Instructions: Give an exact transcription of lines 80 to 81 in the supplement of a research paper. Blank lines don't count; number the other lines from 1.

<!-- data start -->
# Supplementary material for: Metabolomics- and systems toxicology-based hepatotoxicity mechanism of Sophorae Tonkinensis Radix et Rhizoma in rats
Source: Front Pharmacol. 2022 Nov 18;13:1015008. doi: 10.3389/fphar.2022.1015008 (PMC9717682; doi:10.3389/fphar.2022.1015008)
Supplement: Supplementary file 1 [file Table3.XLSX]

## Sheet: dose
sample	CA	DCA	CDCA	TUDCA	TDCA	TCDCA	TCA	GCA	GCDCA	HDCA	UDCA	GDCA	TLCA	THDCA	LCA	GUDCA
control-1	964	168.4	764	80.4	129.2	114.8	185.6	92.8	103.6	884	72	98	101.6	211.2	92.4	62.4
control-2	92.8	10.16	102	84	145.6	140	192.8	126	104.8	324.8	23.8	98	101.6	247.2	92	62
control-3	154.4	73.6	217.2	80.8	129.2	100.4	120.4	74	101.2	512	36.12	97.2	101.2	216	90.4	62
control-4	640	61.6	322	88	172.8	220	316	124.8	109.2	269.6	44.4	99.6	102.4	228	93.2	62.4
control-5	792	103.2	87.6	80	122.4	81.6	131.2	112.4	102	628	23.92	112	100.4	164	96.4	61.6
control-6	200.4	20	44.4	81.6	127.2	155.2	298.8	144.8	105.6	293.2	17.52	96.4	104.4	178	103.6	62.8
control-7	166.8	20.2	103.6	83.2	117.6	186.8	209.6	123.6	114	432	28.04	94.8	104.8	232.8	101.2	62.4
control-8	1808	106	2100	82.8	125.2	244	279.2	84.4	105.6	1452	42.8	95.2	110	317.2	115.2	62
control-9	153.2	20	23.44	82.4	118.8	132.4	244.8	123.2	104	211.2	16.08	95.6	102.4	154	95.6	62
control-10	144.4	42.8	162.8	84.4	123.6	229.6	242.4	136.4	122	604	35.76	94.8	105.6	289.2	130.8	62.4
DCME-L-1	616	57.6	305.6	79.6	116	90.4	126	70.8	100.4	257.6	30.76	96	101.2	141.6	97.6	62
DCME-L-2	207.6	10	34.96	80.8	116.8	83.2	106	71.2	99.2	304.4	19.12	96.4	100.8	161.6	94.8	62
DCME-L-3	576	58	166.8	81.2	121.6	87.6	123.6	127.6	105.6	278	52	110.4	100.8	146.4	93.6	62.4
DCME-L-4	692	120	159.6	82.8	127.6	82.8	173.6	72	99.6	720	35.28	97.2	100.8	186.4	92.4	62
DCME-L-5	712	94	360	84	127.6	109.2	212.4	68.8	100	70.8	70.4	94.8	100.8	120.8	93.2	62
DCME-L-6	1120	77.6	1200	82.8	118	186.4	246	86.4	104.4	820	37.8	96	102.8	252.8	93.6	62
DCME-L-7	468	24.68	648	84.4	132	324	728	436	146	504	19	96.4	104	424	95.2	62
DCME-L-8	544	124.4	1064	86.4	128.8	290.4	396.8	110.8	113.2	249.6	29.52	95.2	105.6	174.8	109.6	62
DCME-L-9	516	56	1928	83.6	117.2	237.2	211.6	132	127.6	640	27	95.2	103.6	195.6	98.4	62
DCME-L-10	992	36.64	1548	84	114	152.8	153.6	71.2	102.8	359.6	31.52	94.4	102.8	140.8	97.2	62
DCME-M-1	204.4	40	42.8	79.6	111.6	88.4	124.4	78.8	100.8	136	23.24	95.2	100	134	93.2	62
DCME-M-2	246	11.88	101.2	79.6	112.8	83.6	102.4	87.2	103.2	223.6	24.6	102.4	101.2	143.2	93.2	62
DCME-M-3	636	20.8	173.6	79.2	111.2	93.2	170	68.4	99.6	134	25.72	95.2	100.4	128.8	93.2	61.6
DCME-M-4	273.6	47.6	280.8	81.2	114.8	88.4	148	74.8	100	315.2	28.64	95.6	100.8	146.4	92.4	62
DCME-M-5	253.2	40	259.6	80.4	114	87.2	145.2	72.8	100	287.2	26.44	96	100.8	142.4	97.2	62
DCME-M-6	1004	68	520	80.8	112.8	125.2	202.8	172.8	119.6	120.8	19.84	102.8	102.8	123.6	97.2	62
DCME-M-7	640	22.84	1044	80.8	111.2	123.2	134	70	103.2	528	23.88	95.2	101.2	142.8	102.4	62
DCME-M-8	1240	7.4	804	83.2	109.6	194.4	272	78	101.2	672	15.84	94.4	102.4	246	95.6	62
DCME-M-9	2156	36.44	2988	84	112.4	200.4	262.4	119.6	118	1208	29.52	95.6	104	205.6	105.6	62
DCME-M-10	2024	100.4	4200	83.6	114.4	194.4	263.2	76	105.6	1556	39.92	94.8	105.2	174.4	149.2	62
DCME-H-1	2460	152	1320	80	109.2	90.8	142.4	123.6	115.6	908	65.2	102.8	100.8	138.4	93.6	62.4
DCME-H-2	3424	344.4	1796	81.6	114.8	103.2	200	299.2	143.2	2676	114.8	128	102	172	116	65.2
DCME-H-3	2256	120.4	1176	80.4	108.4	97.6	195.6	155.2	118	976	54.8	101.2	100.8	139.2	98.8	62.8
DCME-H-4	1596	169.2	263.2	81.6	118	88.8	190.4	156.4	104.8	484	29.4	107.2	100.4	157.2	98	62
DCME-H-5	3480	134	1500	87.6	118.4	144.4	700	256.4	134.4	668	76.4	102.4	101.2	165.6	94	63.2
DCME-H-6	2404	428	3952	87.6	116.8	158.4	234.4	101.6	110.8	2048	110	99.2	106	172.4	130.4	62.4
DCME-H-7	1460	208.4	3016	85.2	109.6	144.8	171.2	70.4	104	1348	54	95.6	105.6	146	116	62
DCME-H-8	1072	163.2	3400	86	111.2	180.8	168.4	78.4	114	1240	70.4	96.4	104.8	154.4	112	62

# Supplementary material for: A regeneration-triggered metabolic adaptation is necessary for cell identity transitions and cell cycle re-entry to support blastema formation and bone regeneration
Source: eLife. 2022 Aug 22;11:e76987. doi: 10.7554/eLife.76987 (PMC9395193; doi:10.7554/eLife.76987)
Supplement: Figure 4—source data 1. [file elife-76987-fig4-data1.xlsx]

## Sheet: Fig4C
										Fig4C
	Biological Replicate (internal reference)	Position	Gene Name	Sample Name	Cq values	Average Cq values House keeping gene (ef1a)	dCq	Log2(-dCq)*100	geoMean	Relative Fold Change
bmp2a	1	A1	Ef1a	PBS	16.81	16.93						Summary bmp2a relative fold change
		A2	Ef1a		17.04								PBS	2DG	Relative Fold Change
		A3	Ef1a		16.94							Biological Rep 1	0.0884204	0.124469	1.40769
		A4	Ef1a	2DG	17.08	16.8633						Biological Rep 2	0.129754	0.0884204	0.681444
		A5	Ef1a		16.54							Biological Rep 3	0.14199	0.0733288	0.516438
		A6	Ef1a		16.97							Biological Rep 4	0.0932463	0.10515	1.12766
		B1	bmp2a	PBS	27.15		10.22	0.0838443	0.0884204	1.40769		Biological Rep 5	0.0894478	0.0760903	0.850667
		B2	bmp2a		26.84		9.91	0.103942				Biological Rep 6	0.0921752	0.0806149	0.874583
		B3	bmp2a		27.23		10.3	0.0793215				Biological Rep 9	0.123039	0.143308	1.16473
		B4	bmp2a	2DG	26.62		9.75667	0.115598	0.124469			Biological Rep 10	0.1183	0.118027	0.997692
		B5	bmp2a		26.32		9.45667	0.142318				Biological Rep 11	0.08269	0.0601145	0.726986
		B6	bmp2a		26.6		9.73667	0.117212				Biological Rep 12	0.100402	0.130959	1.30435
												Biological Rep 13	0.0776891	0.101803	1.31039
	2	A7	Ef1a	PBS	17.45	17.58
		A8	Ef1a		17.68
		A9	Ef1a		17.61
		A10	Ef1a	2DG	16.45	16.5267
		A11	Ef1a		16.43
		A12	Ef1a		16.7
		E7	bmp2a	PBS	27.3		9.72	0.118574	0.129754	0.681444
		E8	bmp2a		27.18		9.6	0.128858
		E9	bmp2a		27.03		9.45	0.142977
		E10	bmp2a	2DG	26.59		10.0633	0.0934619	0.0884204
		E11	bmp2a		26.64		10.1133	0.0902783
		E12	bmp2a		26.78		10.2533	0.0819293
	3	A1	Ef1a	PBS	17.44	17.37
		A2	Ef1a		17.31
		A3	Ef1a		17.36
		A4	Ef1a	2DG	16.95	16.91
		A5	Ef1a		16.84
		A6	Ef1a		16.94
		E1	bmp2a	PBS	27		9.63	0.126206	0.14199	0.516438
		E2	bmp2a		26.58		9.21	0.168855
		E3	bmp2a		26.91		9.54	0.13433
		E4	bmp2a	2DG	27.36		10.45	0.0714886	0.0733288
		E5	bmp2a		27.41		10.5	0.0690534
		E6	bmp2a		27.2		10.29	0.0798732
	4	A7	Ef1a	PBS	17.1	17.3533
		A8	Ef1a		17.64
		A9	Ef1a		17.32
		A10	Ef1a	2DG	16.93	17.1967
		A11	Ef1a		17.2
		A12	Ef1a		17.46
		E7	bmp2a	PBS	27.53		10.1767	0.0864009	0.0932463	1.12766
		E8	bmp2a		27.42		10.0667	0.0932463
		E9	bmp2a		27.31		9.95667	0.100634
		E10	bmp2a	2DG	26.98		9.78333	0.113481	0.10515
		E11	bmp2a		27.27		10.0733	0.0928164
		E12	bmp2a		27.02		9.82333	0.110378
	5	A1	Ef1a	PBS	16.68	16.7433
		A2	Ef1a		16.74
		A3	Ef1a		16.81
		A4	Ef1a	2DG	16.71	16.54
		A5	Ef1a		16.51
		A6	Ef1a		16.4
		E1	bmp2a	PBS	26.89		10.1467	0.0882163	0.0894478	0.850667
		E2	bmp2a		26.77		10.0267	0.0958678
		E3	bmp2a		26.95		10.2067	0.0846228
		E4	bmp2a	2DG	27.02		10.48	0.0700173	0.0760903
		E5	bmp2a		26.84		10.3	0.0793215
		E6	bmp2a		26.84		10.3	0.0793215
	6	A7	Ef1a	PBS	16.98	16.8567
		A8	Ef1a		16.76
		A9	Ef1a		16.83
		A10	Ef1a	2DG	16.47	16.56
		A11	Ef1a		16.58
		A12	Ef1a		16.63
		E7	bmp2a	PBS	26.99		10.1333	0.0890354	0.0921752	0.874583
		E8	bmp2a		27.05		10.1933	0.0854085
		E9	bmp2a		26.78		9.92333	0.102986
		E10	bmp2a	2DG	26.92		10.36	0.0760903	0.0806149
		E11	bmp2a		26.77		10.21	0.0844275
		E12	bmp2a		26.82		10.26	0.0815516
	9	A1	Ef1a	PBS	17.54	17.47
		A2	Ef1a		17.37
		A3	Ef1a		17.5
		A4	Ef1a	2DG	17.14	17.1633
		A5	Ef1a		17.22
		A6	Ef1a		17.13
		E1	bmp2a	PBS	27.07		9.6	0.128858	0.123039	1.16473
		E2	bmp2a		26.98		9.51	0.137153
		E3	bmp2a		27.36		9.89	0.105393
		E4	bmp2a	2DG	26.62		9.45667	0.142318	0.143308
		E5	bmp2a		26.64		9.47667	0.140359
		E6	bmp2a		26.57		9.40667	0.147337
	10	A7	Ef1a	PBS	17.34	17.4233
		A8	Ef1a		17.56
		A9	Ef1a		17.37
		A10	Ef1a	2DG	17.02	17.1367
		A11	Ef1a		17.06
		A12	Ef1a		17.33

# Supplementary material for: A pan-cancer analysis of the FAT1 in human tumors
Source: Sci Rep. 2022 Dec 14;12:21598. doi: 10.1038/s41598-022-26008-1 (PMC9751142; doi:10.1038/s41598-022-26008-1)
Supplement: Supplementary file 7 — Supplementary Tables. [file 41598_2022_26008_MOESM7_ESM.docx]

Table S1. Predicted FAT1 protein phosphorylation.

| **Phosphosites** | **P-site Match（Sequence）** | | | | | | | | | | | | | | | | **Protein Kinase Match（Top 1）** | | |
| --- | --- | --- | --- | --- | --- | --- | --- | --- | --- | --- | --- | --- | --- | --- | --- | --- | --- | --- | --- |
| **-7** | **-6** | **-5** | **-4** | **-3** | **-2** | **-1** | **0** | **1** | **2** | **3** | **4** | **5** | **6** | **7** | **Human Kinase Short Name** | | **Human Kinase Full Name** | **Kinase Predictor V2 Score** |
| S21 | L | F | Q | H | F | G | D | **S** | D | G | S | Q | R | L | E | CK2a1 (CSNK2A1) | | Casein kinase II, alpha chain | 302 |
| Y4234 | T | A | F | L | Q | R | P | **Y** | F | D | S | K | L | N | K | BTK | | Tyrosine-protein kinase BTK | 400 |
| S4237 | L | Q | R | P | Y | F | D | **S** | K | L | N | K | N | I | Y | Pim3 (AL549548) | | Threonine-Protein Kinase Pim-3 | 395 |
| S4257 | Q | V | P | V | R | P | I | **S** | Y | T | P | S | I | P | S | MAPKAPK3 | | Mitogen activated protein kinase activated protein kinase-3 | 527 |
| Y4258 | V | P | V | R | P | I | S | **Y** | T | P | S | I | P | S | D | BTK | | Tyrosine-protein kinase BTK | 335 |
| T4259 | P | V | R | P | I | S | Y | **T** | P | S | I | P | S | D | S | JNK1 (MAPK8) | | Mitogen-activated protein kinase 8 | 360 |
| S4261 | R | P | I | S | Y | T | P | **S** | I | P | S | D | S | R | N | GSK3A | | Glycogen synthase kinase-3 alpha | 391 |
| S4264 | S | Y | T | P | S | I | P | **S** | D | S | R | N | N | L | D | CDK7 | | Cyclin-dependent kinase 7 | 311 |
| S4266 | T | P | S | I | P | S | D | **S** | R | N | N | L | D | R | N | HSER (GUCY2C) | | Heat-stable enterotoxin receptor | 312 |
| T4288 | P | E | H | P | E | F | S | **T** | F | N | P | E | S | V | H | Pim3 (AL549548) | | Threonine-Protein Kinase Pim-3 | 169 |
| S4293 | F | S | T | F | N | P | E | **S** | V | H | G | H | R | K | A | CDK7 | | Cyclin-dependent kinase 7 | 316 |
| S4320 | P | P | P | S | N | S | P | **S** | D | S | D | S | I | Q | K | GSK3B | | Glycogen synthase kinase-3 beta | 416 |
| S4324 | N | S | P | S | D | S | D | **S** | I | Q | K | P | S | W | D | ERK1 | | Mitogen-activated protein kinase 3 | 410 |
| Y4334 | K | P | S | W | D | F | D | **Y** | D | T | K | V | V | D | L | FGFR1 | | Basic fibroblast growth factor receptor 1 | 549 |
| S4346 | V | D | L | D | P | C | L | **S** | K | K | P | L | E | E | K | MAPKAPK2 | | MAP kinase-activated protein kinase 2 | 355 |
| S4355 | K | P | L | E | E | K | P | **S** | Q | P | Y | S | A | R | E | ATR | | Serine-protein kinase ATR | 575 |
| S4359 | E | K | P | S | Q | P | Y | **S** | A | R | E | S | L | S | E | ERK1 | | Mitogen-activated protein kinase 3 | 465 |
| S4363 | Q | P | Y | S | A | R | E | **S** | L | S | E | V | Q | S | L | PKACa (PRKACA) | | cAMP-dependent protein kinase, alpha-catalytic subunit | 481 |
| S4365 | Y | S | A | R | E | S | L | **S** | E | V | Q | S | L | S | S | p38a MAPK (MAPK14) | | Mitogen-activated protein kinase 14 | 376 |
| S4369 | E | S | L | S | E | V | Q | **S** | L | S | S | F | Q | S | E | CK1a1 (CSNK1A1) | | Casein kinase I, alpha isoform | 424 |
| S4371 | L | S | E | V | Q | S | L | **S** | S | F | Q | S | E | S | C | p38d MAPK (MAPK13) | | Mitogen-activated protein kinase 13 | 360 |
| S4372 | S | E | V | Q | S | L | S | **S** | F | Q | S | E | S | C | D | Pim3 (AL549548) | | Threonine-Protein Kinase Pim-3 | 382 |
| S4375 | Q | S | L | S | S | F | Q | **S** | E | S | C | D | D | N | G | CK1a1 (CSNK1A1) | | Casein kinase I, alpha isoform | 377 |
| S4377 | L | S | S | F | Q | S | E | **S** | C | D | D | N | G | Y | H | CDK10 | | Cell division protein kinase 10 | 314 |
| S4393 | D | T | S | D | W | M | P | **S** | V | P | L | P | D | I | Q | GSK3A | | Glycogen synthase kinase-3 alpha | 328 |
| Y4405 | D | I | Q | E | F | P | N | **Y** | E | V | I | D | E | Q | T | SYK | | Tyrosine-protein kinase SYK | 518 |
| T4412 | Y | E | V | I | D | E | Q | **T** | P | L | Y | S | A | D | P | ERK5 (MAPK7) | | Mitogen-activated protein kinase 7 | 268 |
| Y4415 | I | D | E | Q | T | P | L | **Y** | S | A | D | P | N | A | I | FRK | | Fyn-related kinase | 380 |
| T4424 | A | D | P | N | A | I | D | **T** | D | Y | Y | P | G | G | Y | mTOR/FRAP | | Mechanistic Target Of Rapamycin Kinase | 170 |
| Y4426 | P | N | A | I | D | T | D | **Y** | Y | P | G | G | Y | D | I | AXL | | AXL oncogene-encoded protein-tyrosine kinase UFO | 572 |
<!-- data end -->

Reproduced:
		A6	Ef1a		16.94
		E1	bmp2a	PBS	27		9.63	0.126206	0.14199	0.516438